The April 12 event will honor IntLawGrrl and award-winning author Karima Bennoune, Karima Bennoune - UN head shot.pngwho many readers know is now the UN Special Rapporteur in the field of cultural rights.  Bennoune will deliver the keynote address.  Details about the event: Acts of Courage, Seeds of Hope.

Somalia becomes 196th state to ratify Convention on Rights of the Child

On 1 October 2015, Somalia became the 196th state to ratify the UN Convention on the Rights of the Child (UN press release here). South Sudan ratified it back in January 2015.

The United States now stands alone as the only state not to have ratified this treaty.

The US was actively involved – during the Reagan and Bush I administrations – in drafting the Convention on the Rights of the Child.  Rep. Chris Smith (R-NJ), representing the US in the Third Committee of the UN General Assembly as the text was being concluded, stated: “We believe that it represents a notable step forward in the needed promotion and protection of the rights of children.”

In 1995, Ambassador Madeleine Albright signed the treaty on behalf of President Clinton, but he did not send it to the Senate, and in the face of GOP opposition to ratification, President Obama has not done so either.  Click here for a summary of the US history with the Convention on the Rights of the Child and an overview of the arguments that have been raised for and against ratification.

Call for applications: Special Rapporteur on right to privacy in the digital age

OHCHRThe OHCHR has posted the call for applications for the newly-created post of Special Rapporteur on the right to privacy in the digital age, discussed in IntLawGrrls posts by Lisl Brunner here and here.  As Marko Milanovic has noted, “Bearing in mind the wide scope of the right to privacy, this SR is sure to be a mega-mandate.”

Deadline for applications:  30 April 2015
Mandate of this rapporteurship: Set out in HRC Resolution A/HRC/28/L.27, available in all UN languages here.
Application procedure: Through the special procedures on-line application system, here.

Key qualifications have been suggested by the following civil society organisations to help identify and reach out to highly qualified and independent candidates for this post: Access, American Civil Liberties Union, Amnesty International, Article 19, Association for Progressive Communications, Electronic Frontier Foundation, International Commission of Jurists, Privacy International.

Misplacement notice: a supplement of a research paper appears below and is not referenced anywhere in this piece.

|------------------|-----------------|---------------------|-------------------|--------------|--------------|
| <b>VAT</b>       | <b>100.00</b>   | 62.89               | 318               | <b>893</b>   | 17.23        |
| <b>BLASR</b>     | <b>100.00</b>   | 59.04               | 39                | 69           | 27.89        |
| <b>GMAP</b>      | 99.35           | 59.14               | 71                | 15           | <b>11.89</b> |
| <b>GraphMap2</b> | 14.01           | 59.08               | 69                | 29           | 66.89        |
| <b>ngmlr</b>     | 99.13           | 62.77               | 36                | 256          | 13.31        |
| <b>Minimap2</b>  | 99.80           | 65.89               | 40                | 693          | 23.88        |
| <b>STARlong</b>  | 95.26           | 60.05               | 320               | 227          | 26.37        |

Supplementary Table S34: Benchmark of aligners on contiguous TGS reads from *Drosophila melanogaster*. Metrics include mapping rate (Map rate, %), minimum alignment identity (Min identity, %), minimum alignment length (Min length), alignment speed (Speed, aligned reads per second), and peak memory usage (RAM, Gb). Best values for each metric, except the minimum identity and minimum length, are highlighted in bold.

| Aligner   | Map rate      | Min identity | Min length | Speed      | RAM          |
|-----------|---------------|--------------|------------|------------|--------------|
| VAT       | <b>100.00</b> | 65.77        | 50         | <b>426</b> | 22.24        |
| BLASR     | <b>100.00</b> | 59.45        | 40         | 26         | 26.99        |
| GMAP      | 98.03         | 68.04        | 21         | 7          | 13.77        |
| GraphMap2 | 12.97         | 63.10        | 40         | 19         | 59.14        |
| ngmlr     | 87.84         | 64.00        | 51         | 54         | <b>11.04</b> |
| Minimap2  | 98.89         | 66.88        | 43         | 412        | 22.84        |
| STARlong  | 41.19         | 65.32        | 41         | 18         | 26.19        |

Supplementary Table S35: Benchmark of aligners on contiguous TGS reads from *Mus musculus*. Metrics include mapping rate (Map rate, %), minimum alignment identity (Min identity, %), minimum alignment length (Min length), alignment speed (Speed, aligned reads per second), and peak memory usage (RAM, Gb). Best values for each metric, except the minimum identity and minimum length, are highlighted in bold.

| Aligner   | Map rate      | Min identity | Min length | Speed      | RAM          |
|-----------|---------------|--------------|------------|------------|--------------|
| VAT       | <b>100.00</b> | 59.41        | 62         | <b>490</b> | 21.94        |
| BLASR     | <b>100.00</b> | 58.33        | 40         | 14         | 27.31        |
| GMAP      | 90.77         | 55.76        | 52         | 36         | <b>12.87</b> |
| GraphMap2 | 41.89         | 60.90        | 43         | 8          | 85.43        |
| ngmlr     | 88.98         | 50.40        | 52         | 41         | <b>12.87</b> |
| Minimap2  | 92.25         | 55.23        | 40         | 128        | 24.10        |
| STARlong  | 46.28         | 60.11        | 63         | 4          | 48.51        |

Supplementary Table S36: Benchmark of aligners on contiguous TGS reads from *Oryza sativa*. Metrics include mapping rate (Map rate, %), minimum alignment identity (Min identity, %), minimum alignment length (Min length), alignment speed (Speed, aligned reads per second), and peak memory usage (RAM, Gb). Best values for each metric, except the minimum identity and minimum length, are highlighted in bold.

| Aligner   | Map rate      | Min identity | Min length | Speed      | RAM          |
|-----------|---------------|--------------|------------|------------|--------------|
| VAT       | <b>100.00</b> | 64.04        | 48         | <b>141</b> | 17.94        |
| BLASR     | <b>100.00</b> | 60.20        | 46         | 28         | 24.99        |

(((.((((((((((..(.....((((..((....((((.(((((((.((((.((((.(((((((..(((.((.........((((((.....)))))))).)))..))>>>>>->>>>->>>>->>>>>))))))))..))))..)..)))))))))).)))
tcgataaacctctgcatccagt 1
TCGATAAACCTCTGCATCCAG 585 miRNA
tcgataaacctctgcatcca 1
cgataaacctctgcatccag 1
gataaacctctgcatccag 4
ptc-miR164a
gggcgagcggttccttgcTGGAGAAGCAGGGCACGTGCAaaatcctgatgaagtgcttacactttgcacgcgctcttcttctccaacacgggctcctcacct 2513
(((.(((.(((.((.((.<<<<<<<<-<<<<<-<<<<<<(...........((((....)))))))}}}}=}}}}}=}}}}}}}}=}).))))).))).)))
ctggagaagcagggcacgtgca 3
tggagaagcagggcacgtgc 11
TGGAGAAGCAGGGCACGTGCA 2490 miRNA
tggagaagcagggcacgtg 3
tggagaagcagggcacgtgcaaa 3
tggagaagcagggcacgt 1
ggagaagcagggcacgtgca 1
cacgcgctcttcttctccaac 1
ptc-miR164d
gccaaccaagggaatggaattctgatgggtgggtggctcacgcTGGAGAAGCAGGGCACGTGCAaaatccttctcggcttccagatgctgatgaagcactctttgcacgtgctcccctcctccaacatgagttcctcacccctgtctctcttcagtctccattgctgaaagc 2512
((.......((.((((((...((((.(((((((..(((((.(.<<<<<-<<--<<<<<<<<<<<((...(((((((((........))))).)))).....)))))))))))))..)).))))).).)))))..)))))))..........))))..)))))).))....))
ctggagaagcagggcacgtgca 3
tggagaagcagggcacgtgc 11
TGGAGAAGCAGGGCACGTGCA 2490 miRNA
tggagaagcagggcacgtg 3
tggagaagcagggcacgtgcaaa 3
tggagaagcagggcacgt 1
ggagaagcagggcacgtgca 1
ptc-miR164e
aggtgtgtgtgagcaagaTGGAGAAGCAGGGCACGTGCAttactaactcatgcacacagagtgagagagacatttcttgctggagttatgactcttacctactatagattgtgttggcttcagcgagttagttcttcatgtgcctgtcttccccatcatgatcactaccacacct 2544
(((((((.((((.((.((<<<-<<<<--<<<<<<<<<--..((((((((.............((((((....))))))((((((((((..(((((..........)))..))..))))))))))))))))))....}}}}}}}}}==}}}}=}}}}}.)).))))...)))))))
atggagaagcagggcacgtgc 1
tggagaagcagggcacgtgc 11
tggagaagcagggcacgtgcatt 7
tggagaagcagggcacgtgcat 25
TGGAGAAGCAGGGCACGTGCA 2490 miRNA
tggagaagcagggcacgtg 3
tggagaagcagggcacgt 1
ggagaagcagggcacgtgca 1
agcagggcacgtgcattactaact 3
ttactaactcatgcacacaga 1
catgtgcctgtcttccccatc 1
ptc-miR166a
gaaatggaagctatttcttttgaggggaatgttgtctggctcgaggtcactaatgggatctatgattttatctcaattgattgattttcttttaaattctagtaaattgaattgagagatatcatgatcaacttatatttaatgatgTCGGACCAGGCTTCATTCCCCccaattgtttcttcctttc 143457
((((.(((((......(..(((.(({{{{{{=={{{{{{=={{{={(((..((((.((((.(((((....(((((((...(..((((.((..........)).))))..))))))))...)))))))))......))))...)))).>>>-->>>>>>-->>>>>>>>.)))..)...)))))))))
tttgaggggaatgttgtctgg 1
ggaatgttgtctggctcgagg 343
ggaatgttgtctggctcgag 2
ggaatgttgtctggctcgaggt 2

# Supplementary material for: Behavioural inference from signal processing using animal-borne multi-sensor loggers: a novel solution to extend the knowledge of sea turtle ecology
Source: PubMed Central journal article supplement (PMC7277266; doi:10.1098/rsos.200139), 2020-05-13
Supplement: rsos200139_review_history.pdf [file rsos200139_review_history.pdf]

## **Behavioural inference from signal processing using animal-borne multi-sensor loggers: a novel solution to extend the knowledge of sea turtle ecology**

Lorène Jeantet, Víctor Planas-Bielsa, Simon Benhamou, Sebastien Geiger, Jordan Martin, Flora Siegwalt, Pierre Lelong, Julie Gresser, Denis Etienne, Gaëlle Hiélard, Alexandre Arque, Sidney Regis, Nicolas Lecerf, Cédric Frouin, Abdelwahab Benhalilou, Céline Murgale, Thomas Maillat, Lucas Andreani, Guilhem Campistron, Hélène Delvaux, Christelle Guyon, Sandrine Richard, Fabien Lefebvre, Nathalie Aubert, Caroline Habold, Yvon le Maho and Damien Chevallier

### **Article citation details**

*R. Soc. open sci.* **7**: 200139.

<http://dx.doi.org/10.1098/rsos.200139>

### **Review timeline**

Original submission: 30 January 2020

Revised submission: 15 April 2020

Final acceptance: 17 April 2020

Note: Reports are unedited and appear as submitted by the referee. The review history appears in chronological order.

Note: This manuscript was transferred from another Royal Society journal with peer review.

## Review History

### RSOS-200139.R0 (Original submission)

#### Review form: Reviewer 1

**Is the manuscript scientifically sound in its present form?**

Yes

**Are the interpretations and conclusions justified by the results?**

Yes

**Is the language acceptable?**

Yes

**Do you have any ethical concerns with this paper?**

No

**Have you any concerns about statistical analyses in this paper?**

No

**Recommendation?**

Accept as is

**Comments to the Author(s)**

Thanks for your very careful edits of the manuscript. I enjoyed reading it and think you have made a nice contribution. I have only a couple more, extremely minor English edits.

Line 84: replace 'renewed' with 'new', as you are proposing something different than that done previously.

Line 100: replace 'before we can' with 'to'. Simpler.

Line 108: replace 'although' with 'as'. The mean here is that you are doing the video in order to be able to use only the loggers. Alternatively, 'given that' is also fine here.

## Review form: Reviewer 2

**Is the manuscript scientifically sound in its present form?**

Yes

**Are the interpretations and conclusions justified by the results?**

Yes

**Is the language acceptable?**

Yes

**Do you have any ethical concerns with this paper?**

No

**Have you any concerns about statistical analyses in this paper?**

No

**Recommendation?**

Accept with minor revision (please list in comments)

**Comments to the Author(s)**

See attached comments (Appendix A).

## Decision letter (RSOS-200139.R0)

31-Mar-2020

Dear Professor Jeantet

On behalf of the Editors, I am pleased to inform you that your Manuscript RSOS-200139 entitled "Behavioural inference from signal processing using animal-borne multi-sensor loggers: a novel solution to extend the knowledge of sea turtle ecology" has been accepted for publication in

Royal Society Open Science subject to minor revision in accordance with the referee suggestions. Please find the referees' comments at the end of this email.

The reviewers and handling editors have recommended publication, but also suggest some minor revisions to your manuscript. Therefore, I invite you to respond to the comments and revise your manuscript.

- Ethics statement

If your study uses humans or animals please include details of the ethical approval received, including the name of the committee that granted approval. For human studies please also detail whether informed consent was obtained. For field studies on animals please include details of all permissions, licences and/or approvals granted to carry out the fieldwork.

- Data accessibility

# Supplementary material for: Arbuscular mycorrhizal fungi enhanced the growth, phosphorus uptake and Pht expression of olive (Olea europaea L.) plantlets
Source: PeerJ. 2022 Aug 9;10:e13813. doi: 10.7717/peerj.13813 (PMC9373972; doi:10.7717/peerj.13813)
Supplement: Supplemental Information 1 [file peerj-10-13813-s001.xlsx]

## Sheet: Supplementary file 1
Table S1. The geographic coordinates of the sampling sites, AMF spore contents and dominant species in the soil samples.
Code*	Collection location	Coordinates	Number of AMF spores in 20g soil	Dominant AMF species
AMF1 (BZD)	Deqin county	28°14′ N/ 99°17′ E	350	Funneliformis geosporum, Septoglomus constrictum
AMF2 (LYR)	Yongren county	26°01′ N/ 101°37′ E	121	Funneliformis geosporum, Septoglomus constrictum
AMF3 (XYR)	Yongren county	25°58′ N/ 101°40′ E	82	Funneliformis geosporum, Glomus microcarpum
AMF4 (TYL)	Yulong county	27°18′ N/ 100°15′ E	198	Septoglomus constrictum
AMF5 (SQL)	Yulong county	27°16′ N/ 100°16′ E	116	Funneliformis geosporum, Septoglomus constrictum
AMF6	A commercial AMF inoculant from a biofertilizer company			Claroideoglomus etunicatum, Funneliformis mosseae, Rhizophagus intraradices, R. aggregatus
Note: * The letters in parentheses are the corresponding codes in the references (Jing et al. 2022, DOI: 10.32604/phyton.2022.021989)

Here are just a few of the individuals who have been doing impressive work in this field who come to mind as potential candidates:

MalavikaMalavika Jayaram, a technology lawyer and a Fellow at the Centre for Internet and Society in Bangalore, India; recently a Fellow at Harvard’s Berkman Center for Internet and Society, and Visiting Scholar at the Annenberg School for Communication, University of Pennsylvania, where she worked on  freedom of speech, internet policy and privacy issues. Previously based in London with the global law firm Allen & Overy in the Communications, Media & Technology group, and with Citigroup as Vice President and Technology Counsel. One of ten Indian lawyers selected for The International Who’s Who of Internet e-Commerce & Data Protection Lawyers directory.  Amongst other things, her bios indicate, “she has been looking at the evolution of big data and e-governance projects in India – particularly the world’s largest biometric ID project – and their implications for identity, freedom, choice and informational self-determination.”

???????????????????????????????Carolina Botero, a digital activist and lawyer with the Karisma Foundation in Colombia, a “civil society organization dedicated to supporting and spreading the good use of technologies in digital environments, social processes and national public policies and the region, from the perspective of protection and promotion of human rights.” Botero leads the foundation’s Law, Internet and Society group, “a multidisciplinary group that works for a responsible and thoughtful use of information and communication technology in the various sectors of society, in light of the role played by the legal framework in the dynamics of the internet.”

Nighat DadNighat Dad, Director of the Digital Rights Foundation in Pakistan, which works “to support human rights, democratic processes and digital governance,” and “aims to strengthen protections for human rights defenders and women human rights defenders in digital spaces through policy advocacy and digital security awareness-raising.” A researcher and lawyer with extensive experience in cyber law, her focus is “not only on addressing Internet Governance issues related to Freedom of Expression but also on articulating civil society’s concerns over government policies that hamper citizens use of Information and Communication Technologies.” She has written on ICT issues experienced particularly by women; participated in the UN Internet Governance Forum; and is a member of the Women’s Networking Support Program of the Association for Progressive Communication.